Angel of Babylon
Looking out over the desert revealed a clear and cold morning. The nearby hills ambered by the sun’s early rays. There was the track, leading off into the distance, and everywhere else was sand and rock. It was all very pretty. To Lawrence it looked dangerous.
‘It’s the wires. All I notice are the bloomin’ wires.’
“Ali, I bid you; help the men with the wires.”
Ali obeyed and nodded back at blond Lawrence with his smoldering Kohl-darkened eyes. Ali pried open his Webley. The gun-metaled blue cylinder, as smoke-stained as his teeth, was full of bright brass bullets. He clicked it shut.
That was the problem with cold desert mornings. The insulation on the wire stiffened and gave away its position in the sand, bending up here and there. The two Turkish look-outs riding on the cow-catcher would certainly notice. Then they’d trace the wire straight to the detonator. That would never do.
It seemed a travesty to break the morning desert silence with an oversized explosion of TNT. Like setting off a bomb in a cathedral. But trains are so heavy and mechanical and stuffed with troops. A few well-placed pounds of explosive could make them go wrong. There’s was nothing else to be done.
Metal parts would fly every which way and litter the pristine desert. Now it was like a dry slice of heaven, beautiful, contemplative, even spiritual. In mere seconds it would be the smoke and flames of Turkish Hell.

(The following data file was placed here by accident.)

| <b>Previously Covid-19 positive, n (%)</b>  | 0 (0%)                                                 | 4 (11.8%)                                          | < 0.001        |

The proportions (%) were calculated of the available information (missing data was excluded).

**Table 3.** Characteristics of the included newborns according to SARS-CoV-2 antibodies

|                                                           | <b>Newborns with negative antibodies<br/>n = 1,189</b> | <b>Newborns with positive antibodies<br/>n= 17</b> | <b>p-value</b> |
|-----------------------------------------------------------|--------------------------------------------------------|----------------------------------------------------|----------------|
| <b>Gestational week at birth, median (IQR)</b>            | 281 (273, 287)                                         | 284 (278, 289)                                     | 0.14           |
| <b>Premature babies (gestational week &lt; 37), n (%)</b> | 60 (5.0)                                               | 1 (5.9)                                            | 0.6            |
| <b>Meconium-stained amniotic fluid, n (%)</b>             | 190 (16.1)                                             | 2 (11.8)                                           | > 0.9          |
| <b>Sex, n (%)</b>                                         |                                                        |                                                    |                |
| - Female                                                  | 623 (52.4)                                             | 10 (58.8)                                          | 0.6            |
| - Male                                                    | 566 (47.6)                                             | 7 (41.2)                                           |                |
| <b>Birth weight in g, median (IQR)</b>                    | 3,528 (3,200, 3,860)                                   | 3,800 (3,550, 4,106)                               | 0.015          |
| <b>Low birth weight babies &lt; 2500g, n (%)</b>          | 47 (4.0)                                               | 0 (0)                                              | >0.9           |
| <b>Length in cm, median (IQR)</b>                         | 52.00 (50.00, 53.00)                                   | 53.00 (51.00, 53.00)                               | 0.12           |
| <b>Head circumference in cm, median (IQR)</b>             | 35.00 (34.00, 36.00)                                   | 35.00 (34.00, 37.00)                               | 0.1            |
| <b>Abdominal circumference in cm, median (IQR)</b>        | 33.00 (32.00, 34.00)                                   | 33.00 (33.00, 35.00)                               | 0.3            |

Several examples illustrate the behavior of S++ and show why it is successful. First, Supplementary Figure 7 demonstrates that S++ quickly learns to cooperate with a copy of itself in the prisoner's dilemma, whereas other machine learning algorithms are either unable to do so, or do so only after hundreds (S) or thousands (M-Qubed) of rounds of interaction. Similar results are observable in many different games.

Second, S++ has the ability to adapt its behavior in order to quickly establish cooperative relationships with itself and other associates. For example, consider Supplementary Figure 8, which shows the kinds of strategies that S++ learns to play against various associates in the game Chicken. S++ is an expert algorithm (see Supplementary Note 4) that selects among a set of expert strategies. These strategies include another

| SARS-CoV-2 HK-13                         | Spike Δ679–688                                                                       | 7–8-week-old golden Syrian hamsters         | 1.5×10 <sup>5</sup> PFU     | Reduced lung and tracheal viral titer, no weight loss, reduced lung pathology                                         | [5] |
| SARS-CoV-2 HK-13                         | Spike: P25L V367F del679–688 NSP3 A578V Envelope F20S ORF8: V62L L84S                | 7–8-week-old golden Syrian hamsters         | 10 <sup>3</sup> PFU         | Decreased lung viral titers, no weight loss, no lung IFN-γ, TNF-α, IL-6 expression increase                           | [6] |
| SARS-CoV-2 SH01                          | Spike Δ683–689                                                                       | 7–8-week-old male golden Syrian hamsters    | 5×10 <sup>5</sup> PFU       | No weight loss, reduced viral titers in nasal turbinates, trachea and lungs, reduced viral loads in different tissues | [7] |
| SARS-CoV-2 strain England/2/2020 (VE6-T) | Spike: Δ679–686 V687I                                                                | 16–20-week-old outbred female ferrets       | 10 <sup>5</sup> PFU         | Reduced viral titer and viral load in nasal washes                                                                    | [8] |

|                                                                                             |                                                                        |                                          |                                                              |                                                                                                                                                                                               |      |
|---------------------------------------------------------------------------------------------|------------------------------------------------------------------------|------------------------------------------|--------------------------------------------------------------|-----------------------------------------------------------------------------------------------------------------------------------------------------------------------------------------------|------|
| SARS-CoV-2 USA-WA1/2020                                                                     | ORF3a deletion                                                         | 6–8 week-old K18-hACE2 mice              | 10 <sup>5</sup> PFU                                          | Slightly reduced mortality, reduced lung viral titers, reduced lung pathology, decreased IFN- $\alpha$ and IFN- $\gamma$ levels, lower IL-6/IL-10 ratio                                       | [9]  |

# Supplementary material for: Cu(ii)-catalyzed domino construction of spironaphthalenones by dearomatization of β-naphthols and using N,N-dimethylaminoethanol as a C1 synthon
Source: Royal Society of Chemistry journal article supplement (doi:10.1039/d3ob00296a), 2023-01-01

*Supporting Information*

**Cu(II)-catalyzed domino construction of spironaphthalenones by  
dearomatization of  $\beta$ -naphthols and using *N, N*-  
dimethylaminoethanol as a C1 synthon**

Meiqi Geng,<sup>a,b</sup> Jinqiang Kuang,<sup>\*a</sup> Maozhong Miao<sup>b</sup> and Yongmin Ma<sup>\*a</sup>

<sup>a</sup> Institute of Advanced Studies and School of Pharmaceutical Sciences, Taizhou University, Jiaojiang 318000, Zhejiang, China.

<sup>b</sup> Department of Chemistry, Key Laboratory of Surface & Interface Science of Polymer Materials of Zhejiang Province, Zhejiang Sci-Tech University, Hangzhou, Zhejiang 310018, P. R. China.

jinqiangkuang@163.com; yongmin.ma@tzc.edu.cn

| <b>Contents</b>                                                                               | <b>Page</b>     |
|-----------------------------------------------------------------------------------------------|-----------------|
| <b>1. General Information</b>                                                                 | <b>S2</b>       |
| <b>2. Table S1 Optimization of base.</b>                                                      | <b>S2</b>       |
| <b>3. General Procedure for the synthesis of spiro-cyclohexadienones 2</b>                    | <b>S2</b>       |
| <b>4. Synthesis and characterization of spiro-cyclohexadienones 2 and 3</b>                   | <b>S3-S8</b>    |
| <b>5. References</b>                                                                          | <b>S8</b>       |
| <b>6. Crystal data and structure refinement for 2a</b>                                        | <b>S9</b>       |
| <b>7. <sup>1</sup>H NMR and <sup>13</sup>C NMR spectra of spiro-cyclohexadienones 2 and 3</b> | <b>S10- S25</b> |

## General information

Such a mistake to break the silence! A horrid sin, really.
Mustafa, lying near the track, had his ear to the rail.
He stood up and reflected the brilliant blade of his Rinocerous-horn dagger in the sun. Ali acknowledged the flash.
“It’s coming, Aurens, it’s coming.”
Lawrence screwed the brass contacts down, pinching the copper wires methodically, one at a time.
Smoke appeared in the distance.
He raised the plunger. The mechanical steaming monster drew nearer, belching smoke and sparks into the azure sky. The terrible weight of its’ metal, verbally assaulting the tracks. Roaring like a hungry lion. Grinding and clattering over the spaces, rendering rhythm from the iron beneath it’s weighty wheels. Screaming with its whistle, rounding the bend, racing towards an appointment-- in Paradise.
Like in Death came to Bagdad, the tale from a wandering Sufi.
Instead, Death would come to a stretch of sand miles from the Wadi Safra, at the bidding of a man from a cold green island in the North Sea, at the hands of lowly Arab who meant less than nothing to the troopers of Ottoman Turks outfitted with Austrian armaments.
Hook-nosed dark Ali. Eyes-like-a-hawk, Ali.
Death has a sense of humor.
The dunes hung dangerously close like pale yellow desert-blown shrouds, tiny pins piercing their seams and shadows. Hardly noticeable really, in the early morning light.
And everyone of those pins? A tribesman’s rifle, bearing down on its target with terrible pressure, predicting the newborn should know only death. Newborn into Paradise, again and again. Praise be to the warrior who has a sharp eye and a steady hand and shows no mercy to his enemies.
The monster was breaking the silence itself.
The men readied their guns.
Lawrence was taught manners in Surrey.
“Here, Ali," he said deferentially. “It’s your turn.”
Ali moved his hands from under the folds of his kaftan and rubbed them together like an expectant child and smiled with a gleam in his eye, singing softly in the still desert air,
“Down goes the plunger!”